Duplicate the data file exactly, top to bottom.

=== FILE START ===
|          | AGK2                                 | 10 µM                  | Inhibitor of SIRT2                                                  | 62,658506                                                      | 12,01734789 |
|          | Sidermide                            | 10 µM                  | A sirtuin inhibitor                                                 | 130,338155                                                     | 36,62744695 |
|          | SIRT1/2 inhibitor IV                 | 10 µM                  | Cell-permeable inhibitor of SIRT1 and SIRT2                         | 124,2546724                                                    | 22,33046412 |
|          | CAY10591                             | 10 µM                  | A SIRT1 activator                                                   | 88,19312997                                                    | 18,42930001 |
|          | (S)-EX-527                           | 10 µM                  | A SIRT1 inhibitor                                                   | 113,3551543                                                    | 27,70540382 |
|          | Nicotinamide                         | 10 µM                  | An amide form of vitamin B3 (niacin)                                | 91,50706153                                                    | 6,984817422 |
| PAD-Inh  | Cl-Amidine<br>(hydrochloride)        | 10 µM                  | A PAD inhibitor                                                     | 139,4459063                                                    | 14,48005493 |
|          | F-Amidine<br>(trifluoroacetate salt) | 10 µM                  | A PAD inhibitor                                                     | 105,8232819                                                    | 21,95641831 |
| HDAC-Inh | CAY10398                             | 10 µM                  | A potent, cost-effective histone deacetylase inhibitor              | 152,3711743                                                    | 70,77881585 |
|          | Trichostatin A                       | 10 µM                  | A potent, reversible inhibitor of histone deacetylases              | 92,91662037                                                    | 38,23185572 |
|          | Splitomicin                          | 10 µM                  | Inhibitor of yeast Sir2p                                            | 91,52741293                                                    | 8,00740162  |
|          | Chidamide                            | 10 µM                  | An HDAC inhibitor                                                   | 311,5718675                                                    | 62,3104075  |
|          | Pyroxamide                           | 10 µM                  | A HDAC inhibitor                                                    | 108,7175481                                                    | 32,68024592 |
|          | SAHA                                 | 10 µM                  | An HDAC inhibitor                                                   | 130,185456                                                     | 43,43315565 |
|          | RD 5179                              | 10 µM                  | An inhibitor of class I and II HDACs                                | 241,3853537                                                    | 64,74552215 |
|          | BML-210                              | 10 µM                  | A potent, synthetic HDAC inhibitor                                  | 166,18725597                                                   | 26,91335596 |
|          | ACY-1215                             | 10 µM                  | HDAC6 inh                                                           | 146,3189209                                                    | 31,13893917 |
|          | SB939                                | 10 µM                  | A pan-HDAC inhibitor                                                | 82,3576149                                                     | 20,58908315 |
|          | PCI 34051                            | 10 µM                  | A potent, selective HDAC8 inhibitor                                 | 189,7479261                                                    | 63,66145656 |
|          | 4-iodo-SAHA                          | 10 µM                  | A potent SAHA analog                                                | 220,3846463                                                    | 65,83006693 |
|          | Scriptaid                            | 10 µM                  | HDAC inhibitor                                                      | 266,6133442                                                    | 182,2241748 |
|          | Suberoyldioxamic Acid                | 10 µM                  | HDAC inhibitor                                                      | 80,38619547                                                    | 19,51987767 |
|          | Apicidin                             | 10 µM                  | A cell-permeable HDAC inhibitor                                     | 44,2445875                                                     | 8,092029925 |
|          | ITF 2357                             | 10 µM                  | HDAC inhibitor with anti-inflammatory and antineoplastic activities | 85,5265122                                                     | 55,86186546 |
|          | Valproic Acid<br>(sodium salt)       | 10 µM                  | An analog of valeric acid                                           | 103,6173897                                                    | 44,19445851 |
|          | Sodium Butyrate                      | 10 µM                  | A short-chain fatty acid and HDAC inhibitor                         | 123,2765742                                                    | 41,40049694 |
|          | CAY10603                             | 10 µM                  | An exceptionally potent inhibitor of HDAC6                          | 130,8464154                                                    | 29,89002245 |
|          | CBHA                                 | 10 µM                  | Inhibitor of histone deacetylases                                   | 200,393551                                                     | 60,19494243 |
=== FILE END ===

|          | AGK2                                 | 10 µM                  | Inhibitor of SIRT2                                                  | 62,658506                                                      | 12,01734789 |
|          | Sidermide                            | 10 µM                  | A sirtuin inhibitor                                                 | 130,338155                                                     | 36,62744695 |
|          | SIRT1/2 inhibitor IV                 | 10 µM                  | Cell-permeable inhibitor of SIRT1 and SIRT2                         | 124,2546724                                                    | 22,33046412 |
|          | CAY10591                             | 10 µM                  | A SIRT1 activator                                                   | 88,19312997                                                    | 18,42930001 |
|          | (S)-EX-527                           | 10 µM                  | A SIRT1 inhibitor                                                   | 113,3551543                                                    | 27,70540382 |
|          | Nicotinamide                         | 10 µM                  | An amide form of vitamin B3 (niacin)                                | 91,50706153                                                    | 6,984817422 |
| PAD-Inh  | Cl-Amidine<br>(hydrochloride)        | 10 µM                  | A PAD inhibitor                                                     | 139,4459063                                                    | 14,48005493 |
|          | F-Amidine<br>(trifluoroacetate salt) | 10 µM                  | A PAD inhibitor                                                     | 105,8232819                                                    | 21,95641831 |
| HDAC-Inh | CAY10398                             | 10 µM                  | A potent, cost-effective histone deacetylase inhibitor              | 152,3711743                                                    | 70,77881585 |
|          | Trichostatin A                       | 10 µM                  | A potent, reversible inhibitor of histone deacetylases              | 92,91662037                                                    | 38,23185572 |
|          | Splitomicin                          | 10 µM                  | Inhibitor of yeast Sir2p                                            | 91,52741293                                                    | 8,00740162  |
|          | Chidamide                            | 10 µM                  | An HDAC inhibitor                                                   | 311,5718675                                                    | 62,3104075  |
|          | Pyroxamide                           | 10 µM                  | A HDAC inhibitor                                                    | 108,7175481                                                    | 32,68024592 |
|          | SAHA                                 | 10 µM                  | An HDAC inhibitor                                                   | 130,185456                                                     | 43,43315565 |
|          | RD 5179                              | 10 µM                  | An inhibitor of class I and II HDACs                                | 241,3853537                                                    | 64,74552215 |
|          | BML-210                              | 10 µM                  | A potent, synthetic HDAC inhibitor                                  | 166,18725597                                                   | 26,91335596 |
|          | ACY-1215                             | 10 µM                  | HDAC6 inh                                                           | 146,3189209                                                    | 31,13893917 |
|          | SB939                                | 10 µM                  | A pan-HDAC inhibitor                                                | 82,3576149                                                     | 20,58908315 |
|          | PCI 34051                            | 10 µM                  | A potent, selective HDAC8 inhibitor                                 | 189,7479261                                                    | 63,66145656 |
|          | 4-iodo-SAHA                          | 10 µM                  | A potent SAHA analog                                                | 220,3846463                                                    | 65,83006693 |
|          | Scriptaid                            | 10 µM                  | HDAC inhibitor                                                      | 266,6133442                                                    | 182,2241748 |
|          | Suberoyldioxamic Acid                | 10 µM                  | HDAC inhibitor                                                      | 80,38619547                                                    | 19,51987767 |
|          | Apicidin                             | 10 µM                  | A cell-permeable HDAC inhibitor                                     | 44,2445875                                                     | 8,092029925 |
|          | ITF 2357                             | 10 µM                  | HDAC inhibitor with anti-inflammatory and antineoplastic activities | 85,5265122                                                     | 55,86186546 |
|          | Valproic Acid<br>(sodium salt)       | 10 µM                  | An analog of valeric acid                                           | 103,6173897                                                    | 44,19445851 |
|          | Sodium Butyrate                      | 10 µM                  | A short-chain fatty acid and HDAC inhibitor                         | 123,2765742                                                    | 41,40049694 |
|          | CAY10603                             | 10 µM                  | An exceptionally potent inhibitor of HDAC6                          | 130,8464154                                                    | 29,89002245 |
|          | CBHA                                 | 10 µM                  | Inhibitor of histone deacetylases                                   | 200,393551                                                     | 60,19494243 |